Seizures in Yorkies are usually an indication of an underlying health problem. Because of their small size, Yorkies are more at risk for a few health problems than are other breeds, and these disorders have the potential to develop especially quickly. If your Yorkie has a seizure, contact your veterinarian immediately regardless of what you may suspect the seizure's cause to be.
As explained on Yorkshire-terrier.com, hypoglycaemia or low blood sugar, can occur if your Yorkie goes too long without eating or because of the liver's failure to properly dispense sugar into the blood. Because Yorkies are so small, their bodies store less sugar than a larger dog's. Puppies between 2 and 4 months old are at especially high risk because they are even smaller and the energy-hungry brain makes up a larger portion of their bodies than it does in adults. The brain is also completely reliant on energy carried as sugar in the blood and is therefore one of the first areas to show symptoms of hypoglycaemia. A seizure is a symptom of severe hypoglycaemia and is usually preceded by weakness, confusion, drooling and abnormally pale gums. Yorkshire-terrier.com recommends feeding at least four times a day to avoid hypoglycaemia and feeding a mixture of Gatorade and honey if your dog is having an attack.
Yorkshire terriers and other small breeds are especially likely to develop liver shunts, according to the Canine Epilepsy website. While in the womb, puppies have no need to filter their own blood, so a vein bypasses their liver. If this bypass vein fails to grow shut after birth, blood may be allowed past the liver without being filtered. Unfiltered blood may cause seizures as well as excessive thirst, vomiting, lack of coordination and stunted growth. Diagnosis of a liver shunt is made by an ammonia tolerance test and X-ray and must be treated surgically.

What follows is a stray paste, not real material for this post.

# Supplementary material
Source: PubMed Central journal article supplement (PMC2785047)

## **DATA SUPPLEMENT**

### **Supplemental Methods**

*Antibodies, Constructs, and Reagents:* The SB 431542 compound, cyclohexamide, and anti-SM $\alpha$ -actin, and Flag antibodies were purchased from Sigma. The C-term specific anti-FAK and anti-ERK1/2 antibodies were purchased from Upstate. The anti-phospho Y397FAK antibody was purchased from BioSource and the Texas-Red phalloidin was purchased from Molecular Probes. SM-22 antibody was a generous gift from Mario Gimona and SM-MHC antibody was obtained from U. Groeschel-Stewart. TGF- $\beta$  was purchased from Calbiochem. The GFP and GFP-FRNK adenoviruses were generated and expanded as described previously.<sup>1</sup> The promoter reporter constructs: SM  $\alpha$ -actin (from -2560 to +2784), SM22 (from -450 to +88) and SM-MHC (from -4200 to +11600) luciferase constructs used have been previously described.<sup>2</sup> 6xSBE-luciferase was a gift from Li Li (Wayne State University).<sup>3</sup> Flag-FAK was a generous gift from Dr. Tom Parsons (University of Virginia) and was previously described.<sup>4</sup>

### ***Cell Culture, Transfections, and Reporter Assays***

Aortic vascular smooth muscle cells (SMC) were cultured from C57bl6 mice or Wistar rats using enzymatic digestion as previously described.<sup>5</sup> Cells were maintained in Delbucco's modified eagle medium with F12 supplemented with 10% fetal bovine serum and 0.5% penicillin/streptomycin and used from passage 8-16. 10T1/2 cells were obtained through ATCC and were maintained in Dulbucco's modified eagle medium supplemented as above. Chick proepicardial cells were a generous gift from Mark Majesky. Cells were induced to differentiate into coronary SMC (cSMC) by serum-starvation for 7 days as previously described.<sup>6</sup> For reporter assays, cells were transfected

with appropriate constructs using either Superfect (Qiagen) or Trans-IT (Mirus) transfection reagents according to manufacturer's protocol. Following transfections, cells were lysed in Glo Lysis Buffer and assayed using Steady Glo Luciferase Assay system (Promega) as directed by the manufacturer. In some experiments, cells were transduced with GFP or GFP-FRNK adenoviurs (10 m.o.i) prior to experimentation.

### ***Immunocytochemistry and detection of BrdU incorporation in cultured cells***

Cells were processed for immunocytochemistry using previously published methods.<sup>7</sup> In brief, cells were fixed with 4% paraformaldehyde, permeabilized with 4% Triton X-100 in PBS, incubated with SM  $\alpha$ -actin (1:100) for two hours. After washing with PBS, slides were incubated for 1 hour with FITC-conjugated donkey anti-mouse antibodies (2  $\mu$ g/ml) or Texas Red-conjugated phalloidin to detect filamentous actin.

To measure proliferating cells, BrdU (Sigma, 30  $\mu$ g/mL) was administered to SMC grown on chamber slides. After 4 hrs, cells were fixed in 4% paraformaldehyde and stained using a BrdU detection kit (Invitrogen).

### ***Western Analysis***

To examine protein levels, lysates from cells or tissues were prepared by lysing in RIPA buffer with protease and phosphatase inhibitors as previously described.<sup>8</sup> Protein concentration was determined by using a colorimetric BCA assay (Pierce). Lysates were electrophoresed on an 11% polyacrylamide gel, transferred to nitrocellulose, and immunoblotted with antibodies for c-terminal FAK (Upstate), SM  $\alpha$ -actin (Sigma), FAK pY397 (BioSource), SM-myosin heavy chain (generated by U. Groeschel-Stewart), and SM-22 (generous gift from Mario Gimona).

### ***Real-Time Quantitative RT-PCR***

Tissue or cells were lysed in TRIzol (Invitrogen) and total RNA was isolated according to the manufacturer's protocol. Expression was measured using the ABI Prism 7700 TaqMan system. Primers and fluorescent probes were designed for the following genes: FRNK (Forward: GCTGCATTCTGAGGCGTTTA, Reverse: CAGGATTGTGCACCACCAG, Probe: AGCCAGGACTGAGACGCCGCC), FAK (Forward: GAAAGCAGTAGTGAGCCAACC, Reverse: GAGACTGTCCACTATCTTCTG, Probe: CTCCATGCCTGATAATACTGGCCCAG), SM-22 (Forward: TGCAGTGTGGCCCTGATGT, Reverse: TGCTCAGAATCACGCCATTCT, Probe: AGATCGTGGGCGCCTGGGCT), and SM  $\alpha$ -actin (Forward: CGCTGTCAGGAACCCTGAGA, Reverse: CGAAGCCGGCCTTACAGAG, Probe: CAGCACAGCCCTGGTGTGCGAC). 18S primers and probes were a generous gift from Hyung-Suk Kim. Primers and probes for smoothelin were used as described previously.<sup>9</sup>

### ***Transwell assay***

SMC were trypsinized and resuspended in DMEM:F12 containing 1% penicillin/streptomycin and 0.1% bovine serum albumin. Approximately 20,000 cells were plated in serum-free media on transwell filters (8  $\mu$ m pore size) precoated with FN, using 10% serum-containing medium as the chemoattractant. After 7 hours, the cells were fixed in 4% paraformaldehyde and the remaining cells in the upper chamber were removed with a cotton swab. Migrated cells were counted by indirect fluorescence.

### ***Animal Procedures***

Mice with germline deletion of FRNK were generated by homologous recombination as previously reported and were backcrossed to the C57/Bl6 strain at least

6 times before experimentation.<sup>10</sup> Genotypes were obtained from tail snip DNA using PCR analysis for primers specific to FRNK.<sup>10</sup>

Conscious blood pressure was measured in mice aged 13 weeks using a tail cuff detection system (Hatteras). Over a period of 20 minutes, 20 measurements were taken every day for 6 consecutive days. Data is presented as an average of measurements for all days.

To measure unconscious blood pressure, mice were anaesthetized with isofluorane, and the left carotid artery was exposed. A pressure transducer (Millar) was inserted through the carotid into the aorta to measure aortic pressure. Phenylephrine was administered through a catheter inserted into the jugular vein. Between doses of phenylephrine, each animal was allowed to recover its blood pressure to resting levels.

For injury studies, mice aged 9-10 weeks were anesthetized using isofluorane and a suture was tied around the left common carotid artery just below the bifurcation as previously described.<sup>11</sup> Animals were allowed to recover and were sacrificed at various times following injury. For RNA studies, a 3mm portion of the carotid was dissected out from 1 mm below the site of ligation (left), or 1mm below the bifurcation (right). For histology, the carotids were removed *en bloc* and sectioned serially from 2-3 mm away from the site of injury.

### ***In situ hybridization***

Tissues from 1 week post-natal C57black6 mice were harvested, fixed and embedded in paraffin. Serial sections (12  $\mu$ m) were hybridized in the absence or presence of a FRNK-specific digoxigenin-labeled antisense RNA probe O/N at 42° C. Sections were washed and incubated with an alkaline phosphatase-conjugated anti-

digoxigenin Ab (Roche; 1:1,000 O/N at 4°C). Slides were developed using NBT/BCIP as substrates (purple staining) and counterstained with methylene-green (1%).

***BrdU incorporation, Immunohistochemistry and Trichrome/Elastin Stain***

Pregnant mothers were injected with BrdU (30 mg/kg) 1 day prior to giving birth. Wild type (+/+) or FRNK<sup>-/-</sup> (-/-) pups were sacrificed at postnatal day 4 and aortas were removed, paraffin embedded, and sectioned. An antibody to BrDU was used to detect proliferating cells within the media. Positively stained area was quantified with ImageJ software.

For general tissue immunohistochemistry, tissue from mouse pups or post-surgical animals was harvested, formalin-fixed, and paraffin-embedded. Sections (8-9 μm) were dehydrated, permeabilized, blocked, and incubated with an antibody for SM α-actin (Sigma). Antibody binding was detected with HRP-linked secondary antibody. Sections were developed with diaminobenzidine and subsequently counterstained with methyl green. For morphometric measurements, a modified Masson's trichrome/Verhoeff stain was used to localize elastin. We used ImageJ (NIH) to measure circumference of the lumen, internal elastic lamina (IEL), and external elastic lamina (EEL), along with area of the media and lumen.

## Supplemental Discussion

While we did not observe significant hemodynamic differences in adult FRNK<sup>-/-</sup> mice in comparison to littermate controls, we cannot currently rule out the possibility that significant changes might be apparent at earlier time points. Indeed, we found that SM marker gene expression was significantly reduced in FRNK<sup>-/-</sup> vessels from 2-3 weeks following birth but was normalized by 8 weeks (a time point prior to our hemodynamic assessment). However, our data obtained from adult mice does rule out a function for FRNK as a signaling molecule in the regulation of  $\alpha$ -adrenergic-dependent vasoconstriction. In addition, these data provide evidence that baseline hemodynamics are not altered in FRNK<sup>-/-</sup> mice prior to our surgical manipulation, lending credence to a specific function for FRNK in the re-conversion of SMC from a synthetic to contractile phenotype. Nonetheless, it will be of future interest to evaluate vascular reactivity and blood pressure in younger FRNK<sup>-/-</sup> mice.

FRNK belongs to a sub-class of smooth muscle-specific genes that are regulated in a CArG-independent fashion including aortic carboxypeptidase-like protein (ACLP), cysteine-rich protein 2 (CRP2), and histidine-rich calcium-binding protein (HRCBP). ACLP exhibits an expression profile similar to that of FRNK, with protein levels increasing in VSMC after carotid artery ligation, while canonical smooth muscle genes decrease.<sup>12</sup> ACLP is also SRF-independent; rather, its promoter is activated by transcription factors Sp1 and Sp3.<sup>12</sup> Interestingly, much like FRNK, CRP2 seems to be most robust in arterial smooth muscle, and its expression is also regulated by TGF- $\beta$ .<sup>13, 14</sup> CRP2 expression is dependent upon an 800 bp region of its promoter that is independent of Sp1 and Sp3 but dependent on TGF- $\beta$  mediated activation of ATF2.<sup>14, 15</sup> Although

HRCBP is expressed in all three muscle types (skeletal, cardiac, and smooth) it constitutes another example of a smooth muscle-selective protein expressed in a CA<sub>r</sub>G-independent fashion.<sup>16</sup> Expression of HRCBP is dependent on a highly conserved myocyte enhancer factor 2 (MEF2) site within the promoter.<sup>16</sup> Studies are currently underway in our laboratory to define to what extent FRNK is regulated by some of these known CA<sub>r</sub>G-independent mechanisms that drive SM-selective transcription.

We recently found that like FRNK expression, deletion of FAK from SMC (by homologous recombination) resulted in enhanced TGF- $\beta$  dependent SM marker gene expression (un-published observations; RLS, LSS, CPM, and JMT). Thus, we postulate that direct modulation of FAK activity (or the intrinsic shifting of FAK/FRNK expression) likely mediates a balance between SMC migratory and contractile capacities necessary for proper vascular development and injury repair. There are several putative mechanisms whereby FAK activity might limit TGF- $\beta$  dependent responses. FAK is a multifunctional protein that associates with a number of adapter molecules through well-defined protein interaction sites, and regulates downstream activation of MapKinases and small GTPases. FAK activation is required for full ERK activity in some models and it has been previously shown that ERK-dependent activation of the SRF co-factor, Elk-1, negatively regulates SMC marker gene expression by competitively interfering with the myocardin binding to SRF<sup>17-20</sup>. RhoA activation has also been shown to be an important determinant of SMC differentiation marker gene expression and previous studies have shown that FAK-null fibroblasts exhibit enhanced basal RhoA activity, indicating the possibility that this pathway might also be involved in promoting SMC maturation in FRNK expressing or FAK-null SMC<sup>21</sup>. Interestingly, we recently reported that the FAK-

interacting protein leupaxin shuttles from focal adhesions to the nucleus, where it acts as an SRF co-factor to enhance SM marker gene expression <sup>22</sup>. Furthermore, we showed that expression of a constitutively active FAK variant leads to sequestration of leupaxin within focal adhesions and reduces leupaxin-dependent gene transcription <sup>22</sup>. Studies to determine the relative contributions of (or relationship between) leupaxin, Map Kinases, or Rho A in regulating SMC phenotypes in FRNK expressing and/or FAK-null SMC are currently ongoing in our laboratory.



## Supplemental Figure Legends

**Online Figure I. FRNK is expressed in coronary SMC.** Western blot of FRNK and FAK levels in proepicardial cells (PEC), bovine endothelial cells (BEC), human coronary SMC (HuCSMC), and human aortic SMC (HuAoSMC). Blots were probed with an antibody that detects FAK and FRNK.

While not more likely in Yorkshire terriers than other dogs, epilepsy occurs in 2 to 3 per cent of all dogs. Seizures in dogs are broken up into three stages. According to Vet Info, the first stage, called prodome, may cause your Yorkie to behave erratically. The second, or aura, stage causes nervousness and whining and is followed closely by the actual seizure, or ictus stage. A variety of health problems could be the root cause of canine epilepsy or the cause could remain unknown. Your veterinarian may be able to medically control your Yorkie's seizures.
Lyme Disease or Rocky Mountain Spotted Fever
Both diseases are carried by ticks. The most obvious symptom of Lyme disease is arthritis, but it could cause seizures in severe cases. Dogs are unlikely to contract Lyme disease, especially if you remove any ticks within 24 hours. Check your Yorkie frequently for ticks.
Tumours or Brain Injury
Brain tumours, even if not cancerous or malignant, could cause enough pressure to give your Yorkie seizures. Brain trauma caused by a head injury may also cause seizures, though they may not occur for weeks or even months.